This is the fourth blog in our series about the real people behind the larger-than-life sculptures featured in Gallipoli: The scale of our war. This is the story of John Robert Dunn, known as ‘Jack’, who was one of the thousands of keen young men who rushed to enlist at the start of the war in August 1914.
Jack was 26 years old, working in Masterton as a journalist on the Wairarapa Daily Times newspaper. He was also a prominent athlete and member of local football, cricket and hockey teams. He was a well-known and highly regarded member of the Wairarapa community.
Jack joined the 17th (Ruahine) Regiment, which became part of the Wellington Infantry Battalion, whose Commanding Officer was the famous Lt-Colonel William Malone. Jack trained as a machine-gunner, one of the elite men who worked as a team to operate the Maxim guns that were front-line troops’ main defence against massed infantry attacks.
Jack with his comrades sailed from Wellington on 16 October on the way, they assumed to Europe to fight the Germans. By the time they reached Egypt, the Ottoman Empire had unexpectedly joined the war on Germany’s side. The New Zealanders and other British Empire troops in Egypt now found themselves in a war zone. However, they had low opinions of the Ottoman Army’s fighting ability and in the lead-up to the landings on Gallipoli on 25 April 1915 were confident of easy victory.
Like all his comrades, Jack was in for a shock. The machine guns were desperately needed to fight off Turkish attacks and Jack remained in the thick of front-line fighting until 1 June when he was evacuated sick to hospital on the island of Lemnos.
Jack volunteered to return to front-line duty before he had fully recovered and by 16 June was back with his mates. They were at Quinn’s Post, a dangerous and vulnerable position very close to enemy trenches. Jack was too sick to be in the front line, but then all his exhausted mates were suffering the effects of bad food, heat and disease spread by hordes of flies. He was on sentry duty one night in early July when an officer found him asleep. This was an extremely serious offence in wartime, and Jack’s officers decided to make an example of him. On 18 July he was court-martialled and sentenced to death. There is a remarkable photograph showing Jack standing in front of his Battalion comrades while an officer reads out the death sentence.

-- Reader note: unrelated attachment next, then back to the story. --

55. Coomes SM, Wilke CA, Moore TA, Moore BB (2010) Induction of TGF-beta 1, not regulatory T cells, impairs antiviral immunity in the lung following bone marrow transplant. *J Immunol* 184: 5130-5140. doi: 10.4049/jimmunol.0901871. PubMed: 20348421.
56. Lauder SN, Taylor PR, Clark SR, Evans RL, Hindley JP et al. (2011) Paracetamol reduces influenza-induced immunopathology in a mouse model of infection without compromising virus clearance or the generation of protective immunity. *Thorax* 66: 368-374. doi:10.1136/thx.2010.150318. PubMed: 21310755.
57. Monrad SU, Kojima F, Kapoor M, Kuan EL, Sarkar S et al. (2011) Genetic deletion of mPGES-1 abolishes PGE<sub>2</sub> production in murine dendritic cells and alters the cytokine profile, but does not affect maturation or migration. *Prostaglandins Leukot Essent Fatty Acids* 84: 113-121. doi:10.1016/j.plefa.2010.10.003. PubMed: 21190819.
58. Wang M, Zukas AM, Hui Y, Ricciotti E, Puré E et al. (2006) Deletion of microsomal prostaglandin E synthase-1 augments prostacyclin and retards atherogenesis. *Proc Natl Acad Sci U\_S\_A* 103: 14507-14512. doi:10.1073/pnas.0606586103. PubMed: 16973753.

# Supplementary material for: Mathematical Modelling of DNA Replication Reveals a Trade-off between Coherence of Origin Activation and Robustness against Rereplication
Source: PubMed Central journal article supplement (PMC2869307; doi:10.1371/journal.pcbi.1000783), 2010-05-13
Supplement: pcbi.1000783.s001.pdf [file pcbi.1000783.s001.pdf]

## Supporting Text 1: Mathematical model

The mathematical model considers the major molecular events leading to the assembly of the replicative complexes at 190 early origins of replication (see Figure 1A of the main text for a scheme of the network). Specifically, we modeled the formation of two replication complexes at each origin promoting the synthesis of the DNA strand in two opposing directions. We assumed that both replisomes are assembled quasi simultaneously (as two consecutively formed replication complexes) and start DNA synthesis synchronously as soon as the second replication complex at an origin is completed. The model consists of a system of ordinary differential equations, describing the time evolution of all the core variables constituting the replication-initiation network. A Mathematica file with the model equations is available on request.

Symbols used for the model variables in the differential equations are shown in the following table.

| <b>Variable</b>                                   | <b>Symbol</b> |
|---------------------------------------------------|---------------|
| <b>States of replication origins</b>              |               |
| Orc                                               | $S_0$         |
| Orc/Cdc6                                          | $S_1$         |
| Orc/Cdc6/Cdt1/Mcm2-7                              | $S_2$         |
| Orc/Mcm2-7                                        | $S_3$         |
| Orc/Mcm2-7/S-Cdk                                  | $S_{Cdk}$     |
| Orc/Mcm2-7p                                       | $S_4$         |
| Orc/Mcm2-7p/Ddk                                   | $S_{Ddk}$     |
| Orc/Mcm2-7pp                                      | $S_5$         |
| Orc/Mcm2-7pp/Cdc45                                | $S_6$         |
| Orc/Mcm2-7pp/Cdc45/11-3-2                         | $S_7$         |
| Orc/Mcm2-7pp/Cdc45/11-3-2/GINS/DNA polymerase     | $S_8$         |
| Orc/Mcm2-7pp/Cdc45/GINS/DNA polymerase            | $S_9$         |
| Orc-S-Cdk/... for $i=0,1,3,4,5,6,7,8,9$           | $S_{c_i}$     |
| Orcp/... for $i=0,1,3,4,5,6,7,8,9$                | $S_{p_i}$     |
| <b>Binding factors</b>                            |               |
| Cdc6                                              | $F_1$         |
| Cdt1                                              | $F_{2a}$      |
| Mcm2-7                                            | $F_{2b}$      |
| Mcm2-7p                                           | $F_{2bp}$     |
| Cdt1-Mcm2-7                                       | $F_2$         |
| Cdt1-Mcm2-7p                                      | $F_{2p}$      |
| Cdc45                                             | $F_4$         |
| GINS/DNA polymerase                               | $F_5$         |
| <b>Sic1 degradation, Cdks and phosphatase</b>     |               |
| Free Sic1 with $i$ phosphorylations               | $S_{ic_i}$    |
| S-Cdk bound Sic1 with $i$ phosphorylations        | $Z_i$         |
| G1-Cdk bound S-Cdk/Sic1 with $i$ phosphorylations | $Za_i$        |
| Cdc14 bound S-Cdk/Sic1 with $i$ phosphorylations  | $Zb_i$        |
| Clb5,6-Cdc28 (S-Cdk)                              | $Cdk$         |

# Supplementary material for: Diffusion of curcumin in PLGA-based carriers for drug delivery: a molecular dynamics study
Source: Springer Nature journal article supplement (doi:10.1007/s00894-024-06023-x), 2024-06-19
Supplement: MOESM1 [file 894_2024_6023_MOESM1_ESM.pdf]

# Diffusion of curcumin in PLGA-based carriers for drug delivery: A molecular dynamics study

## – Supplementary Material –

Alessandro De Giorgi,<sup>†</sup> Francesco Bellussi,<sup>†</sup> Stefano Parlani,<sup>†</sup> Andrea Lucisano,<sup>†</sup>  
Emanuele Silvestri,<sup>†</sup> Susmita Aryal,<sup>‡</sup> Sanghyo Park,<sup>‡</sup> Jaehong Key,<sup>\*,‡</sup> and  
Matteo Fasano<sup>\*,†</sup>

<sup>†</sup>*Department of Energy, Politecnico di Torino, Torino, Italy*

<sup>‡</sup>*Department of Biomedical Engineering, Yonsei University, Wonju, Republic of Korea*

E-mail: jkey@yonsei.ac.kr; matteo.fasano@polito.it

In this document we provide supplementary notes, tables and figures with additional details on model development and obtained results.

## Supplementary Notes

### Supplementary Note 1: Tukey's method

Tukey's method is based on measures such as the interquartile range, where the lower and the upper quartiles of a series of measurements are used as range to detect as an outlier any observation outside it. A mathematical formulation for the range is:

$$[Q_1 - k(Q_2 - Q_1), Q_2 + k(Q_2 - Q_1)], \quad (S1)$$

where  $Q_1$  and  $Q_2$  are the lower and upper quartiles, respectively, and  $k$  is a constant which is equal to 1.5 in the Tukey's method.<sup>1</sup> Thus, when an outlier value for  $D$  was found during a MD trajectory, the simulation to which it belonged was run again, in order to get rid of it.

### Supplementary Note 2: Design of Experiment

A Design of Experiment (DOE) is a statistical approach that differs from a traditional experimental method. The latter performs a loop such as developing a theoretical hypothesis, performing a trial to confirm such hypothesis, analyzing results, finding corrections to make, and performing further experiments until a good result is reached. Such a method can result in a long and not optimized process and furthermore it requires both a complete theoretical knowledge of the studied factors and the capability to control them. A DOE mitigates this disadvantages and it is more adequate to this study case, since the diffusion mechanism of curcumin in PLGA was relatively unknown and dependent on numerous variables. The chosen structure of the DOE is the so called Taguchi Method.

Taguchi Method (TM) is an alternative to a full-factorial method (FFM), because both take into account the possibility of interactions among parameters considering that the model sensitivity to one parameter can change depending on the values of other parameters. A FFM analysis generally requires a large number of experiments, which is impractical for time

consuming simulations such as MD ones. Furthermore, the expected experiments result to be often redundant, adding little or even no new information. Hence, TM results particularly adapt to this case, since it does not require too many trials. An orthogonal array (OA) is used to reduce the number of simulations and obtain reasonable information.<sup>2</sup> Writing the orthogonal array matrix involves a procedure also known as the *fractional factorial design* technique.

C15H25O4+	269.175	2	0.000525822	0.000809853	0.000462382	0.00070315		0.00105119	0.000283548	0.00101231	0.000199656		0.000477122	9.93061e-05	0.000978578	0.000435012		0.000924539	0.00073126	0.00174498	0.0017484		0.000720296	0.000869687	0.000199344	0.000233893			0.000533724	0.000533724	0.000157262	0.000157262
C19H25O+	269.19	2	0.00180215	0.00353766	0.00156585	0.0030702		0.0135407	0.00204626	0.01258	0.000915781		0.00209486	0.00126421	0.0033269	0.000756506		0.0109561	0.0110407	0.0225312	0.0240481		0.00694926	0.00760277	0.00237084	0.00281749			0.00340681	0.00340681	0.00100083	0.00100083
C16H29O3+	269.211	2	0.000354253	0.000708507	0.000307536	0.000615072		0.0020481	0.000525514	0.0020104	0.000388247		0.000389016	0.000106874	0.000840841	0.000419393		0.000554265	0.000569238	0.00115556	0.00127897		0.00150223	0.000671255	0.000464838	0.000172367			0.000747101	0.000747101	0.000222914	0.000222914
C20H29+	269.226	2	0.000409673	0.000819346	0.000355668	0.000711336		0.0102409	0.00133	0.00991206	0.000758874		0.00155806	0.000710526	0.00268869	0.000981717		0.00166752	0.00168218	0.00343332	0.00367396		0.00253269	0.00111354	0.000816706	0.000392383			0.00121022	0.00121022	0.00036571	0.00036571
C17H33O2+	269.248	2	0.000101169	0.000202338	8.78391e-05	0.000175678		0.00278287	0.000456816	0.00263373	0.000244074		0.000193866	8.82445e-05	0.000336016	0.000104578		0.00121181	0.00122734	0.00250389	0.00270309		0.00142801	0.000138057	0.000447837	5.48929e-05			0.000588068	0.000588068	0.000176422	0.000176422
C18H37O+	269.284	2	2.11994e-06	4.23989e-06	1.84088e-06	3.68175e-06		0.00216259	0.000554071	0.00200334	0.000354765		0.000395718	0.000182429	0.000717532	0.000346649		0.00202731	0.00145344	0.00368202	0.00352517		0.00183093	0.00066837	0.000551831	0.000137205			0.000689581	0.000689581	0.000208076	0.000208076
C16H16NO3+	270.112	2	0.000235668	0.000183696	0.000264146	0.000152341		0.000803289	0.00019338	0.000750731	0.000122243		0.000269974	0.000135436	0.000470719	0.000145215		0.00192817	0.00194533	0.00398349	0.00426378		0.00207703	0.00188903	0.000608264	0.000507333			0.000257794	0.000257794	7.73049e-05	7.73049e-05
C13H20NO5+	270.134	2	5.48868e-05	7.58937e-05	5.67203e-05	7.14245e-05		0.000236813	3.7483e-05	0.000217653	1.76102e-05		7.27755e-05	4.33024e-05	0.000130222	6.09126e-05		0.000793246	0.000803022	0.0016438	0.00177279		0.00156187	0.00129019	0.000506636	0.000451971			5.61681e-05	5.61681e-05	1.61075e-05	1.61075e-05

Jack was the only New Zealander serving on Gallipoli to be given the death sentence. He was not to be executed, though. On 30 July Jack’s death sentence was remitted by General Hamilton and he returned to front-line service. This was just a few days before the Battle of Chunuk Bair (6 – 10 August), where so many of the men in the photograph, including Jack, were to die.
Jack was highly regarded by his comrades, one of whom wrote in his old newspaper that he was ‘one of the smartest men in the Maxim gun section and he did some splendid work, being game to the core and carrying out his duties with a despatch and intelligence which was the subject of very favourable comment from the officers … he was all through the hardest of the fighting and never flinched in the face of the most deadly fire to do his duty’ (Wairarapa Daily Times, 3 November 1915).
Jack is remembered today as one of the Wairarapa’s heroes of the ‘Great War’. When his medals were offered at auction in Australia recently, a local benefactor made a successful bid and presented them to Aratoi museum in Masterton.